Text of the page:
2.60. The concept of integrity in this section of the Code is different to integrity in s.13(1). Under s.13(1), it is necessary to behave with integrity; here, an APS employee has to behave in a way that upholds the integrity of the employee’s agency and the APS. For example, an employee’s public agreement with critical comments made by a client about government policy may not be consistent with a requirement to behave in a way that upholds the integrity of their agency and the APS, in the sense of upholding their sound or unimpaired condition, but it may not in itself indicate that the public servant lacks integrity.
2.61. Part 2 of the Commissioner’s Directions provides directions on the scope and application of each of the Values.
2.62. Information on the relationship between private behaviour of a criminal nature and the Code is in Chapter 10: ‘Misconduct action and criminal matters’, of this guide.
13(12) An APS employee on duty overseas must at all times behave in a way that upholds the good reputation of Australia
2.63. The Code applies to APS employees on duty overseas at all times, encompassing the private behaviour of APS employees overseas. It is recognised that Australia expects the highest levels of professional and ethical behaviour by its representatives overseas. Given that employees serving overseas are particularly visible, inappropriate or unethical conduct in their private lives is likely to reflect negatively on the good reputation of Australia.
2.64. Most agencies with employees overseas have policies that articulate the responsibilities of those employees. If such policies do not exist, it is advisable for agencies to advise staff who travel and work overseas of their obligations under the Code and the agency’s expectations of their behaviour.
13(13) An APS employee must comply with any other conduct requirements prescribed by the regulations
2.65. To date, only one other conduct requirement has been prescribed under the Public Service Regulations 1999 (PS Regulations).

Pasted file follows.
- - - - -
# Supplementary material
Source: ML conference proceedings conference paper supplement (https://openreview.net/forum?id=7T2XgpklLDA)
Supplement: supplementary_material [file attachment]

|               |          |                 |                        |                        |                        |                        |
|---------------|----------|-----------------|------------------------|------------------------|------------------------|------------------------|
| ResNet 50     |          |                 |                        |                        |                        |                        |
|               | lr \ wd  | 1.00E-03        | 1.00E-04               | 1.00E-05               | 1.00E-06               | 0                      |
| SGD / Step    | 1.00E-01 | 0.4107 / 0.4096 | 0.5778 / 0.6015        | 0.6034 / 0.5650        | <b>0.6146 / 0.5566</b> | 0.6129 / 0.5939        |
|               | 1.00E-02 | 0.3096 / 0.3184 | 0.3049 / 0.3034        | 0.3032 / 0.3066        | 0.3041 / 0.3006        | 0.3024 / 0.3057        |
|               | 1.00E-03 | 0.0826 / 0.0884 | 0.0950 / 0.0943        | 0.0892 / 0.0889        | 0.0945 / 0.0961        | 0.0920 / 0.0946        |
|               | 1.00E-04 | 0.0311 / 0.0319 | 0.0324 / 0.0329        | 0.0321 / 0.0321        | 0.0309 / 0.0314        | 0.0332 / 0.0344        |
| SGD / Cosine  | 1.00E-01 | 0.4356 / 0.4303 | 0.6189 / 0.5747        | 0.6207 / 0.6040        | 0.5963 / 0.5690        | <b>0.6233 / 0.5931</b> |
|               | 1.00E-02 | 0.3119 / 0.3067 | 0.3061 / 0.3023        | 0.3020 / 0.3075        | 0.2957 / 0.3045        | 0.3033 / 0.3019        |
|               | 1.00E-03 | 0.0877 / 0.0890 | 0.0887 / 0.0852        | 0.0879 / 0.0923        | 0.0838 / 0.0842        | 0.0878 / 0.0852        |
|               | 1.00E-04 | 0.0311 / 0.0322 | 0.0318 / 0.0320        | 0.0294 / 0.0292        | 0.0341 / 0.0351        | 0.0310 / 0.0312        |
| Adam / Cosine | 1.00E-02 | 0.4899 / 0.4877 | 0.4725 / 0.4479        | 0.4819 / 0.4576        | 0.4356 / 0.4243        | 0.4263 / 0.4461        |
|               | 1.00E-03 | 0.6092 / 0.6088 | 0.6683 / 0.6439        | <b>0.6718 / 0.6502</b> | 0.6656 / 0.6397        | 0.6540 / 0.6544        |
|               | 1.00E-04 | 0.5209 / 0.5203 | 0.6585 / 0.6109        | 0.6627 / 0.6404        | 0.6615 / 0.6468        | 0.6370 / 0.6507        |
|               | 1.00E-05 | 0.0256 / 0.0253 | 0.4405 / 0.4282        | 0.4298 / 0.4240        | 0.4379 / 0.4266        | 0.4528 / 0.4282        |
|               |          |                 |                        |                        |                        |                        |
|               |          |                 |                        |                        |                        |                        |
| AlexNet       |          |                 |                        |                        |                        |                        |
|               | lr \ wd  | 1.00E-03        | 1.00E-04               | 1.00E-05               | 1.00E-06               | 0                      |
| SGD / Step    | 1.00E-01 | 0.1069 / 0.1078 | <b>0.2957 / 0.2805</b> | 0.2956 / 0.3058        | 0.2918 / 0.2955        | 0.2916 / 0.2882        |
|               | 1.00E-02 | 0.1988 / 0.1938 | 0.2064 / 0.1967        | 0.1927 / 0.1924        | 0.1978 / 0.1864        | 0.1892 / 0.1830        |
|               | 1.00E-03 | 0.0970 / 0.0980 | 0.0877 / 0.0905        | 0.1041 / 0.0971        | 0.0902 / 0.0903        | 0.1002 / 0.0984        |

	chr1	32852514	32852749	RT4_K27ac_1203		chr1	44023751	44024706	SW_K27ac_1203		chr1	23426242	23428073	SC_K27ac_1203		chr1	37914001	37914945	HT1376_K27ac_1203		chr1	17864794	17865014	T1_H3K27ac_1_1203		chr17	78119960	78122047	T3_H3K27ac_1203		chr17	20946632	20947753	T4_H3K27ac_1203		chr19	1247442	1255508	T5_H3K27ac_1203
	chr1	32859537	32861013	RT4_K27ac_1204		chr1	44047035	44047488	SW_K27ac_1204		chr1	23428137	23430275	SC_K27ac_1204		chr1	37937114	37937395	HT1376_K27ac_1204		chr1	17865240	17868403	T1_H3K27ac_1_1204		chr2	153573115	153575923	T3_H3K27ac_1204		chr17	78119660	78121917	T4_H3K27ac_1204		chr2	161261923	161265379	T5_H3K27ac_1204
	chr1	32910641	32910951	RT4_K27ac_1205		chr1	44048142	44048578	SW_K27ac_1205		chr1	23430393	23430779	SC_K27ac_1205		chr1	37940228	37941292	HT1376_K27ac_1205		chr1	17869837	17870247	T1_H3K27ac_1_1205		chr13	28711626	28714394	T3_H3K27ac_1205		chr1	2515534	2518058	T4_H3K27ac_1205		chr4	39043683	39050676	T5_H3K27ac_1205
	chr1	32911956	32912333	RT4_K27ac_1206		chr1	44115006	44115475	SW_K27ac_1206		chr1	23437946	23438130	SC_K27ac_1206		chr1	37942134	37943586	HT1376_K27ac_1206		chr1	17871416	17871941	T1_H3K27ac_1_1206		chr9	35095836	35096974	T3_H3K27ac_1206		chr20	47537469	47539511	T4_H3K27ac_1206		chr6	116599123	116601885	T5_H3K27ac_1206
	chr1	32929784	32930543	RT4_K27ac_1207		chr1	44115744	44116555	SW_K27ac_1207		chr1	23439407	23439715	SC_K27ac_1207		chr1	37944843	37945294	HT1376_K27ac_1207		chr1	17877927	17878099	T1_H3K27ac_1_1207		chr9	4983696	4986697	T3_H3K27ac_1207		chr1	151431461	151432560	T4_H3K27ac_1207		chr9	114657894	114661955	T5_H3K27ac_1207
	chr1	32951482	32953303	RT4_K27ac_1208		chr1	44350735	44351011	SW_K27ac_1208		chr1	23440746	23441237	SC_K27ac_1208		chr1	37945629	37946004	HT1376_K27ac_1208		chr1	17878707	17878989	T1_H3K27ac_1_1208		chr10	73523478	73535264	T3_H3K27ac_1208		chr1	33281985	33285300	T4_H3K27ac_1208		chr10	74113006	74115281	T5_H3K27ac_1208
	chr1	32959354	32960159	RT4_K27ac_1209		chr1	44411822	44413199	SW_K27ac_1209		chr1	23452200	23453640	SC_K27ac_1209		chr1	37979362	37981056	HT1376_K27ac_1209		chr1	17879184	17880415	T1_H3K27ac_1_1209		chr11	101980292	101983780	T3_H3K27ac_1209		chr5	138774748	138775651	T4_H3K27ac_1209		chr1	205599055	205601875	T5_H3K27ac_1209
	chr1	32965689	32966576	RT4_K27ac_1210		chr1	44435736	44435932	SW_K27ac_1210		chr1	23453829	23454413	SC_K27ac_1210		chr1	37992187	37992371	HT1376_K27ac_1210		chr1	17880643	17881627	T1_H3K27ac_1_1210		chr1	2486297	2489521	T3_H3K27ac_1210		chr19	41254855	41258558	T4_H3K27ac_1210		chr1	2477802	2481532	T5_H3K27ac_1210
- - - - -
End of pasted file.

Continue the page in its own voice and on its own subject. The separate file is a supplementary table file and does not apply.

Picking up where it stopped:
2.66. Regulation 2.1 of the PS Regulations imposes a duty on APS employees not to disclose certain information without authority. The duty applies to information communicated in confidence or where disclosure could be prejudicial to the effective working of government. Regulation 2.1(5) of the PS Regulations sets out circumstances where APS employees are not prevented from disclosing information.
2.67. The regulation is not designed to regulate the disclosure of official information comprehensively. It operates alongside other provisions and obligations, including agency-level directions and authorisations.
2.68. This regulation may constitute a relevant Commonwealth statutory duty for the purposes of s.122.4 of the Criminal Code Act 1995 (Criminal Code). That section makes it an offence for a current or former Commonwealth officer, which includes an APS employee or a contractor, from communicating information obtained by reason of being a Commonwealth officer, or otherwise being engaged to perform work for a Commonwealth entity, if there is a Commonwealth statutory duty not to disclose this information. A breach of s.122.4 of the Criminal Code carries a maximum penalty of two years’ imprisonment.